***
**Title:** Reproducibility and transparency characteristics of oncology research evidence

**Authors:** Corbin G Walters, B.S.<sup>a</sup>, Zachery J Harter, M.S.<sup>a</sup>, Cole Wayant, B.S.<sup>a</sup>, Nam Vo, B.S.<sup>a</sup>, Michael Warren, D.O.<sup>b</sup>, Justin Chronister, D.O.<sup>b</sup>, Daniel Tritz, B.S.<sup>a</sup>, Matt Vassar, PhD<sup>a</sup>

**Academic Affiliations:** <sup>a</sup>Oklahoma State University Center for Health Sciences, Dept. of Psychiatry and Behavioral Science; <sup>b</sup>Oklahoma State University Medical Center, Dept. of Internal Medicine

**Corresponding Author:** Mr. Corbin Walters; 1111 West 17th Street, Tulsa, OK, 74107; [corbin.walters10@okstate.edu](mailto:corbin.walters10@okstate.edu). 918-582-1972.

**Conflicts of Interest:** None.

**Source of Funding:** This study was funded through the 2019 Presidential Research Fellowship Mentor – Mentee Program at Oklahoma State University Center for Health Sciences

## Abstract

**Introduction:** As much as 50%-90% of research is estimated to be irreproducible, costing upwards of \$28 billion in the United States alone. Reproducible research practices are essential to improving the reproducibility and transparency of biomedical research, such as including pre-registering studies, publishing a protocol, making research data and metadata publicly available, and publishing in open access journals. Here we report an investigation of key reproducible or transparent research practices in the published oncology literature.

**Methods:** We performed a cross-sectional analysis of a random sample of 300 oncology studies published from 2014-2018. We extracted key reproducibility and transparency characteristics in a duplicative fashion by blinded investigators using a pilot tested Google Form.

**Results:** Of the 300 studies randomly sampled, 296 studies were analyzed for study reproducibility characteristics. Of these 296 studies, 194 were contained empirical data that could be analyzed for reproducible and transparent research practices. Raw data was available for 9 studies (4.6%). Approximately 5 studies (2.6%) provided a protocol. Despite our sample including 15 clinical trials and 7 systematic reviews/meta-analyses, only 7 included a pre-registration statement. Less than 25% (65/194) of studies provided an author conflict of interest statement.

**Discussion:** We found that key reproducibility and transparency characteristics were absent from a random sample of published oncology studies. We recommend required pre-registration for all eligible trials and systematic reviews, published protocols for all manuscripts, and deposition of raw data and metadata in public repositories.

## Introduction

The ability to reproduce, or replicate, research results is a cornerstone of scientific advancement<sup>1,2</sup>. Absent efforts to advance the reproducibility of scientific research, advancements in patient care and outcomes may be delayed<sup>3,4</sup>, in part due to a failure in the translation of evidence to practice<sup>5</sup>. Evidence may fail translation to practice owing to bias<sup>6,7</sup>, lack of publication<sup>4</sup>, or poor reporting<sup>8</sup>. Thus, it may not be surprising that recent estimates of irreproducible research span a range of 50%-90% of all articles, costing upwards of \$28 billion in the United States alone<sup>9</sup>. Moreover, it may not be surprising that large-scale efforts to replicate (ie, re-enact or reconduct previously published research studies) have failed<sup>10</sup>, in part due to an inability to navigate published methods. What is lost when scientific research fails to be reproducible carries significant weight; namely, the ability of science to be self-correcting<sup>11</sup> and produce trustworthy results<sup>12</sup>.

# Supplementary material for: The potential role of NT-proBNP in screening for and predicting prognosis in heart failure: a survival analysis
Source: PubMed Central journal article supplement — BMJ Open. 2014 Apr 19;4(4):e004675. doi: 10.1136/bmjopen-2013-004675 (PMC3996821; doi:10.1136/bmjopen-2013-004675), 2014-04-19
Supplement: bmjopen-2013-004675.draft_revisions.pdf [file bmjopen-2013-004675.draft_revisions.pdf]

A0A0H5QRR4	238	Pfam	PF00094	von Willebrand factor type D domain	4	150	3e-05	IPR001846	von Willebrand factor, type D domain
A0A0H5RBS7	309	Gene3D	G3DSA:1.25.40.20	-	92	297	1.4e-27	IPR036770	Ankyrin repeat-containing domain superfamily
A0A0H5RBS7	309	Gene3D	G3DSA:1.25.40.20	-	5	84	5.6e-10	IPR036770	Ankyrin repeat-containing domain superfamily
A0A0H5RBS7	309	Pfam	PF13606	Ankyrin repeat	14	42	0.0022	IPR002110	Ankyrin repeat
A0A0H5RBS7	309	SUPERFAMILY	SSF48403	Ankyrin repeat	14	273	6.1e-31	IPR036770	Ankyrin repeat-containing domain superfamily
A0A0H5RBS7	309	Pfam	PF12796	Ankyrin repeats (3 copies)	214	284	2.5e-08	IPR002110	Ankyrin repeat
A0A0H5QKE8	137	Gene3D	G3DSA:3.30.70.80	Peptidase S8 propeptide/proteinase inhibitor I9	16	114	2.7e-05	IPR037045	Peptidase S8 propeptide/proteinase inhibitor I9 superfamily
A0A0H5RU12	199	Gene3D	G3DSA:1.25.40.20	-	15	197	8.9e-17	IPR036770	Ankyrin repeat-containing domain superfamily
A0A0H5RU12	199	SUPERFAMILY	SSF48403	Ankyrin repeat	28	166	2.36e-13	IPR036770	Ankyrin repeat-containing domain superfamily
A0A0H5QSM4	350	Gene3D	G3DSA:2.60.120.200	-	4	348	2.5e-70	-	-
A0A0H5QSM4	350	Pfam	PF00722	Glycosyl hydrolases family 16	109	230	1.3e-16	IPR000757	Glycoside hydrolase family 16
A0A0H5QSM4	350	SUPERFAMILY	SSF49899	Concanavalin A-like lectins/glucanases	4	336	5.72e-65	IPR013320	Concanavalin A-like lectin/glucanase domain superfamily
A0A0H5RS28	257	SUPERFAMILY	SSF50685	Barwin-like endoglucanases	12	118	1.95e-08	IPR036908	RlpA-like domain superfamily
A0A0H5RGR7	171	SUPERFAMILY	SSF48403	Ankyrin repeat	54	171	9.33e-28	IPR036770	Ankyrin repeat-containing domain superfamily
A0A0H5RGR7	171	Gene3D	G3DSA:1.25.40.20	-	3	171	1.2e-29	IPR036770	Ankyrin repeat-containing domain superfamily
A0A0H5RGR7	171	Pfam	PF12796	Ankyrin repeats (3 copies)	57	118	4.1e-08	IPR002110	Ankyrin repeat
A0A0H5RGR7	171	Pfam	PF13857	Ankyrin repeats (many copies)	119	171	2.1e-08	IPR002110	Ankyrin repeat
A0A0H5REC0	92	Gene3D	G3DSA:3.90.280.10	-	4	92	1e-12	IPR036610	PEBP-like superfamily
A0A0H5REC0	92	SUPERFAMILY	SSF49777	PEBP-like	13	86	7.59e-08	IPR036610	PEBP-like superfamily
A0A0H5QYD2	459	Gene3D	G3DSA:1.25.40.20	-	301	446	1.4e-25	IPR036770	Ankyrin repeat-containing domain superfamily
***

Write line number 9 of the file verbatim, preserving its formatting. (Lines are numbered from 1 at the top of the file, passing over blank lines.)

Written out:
**Methods:** We performed a cross-sectional analysis of a random sample of 300 oncology studies published from 2014-2018. We extracted key reproducibility and transparency characteristics in a duplicative fashion by blinded investigators using a pilot tested Google Form.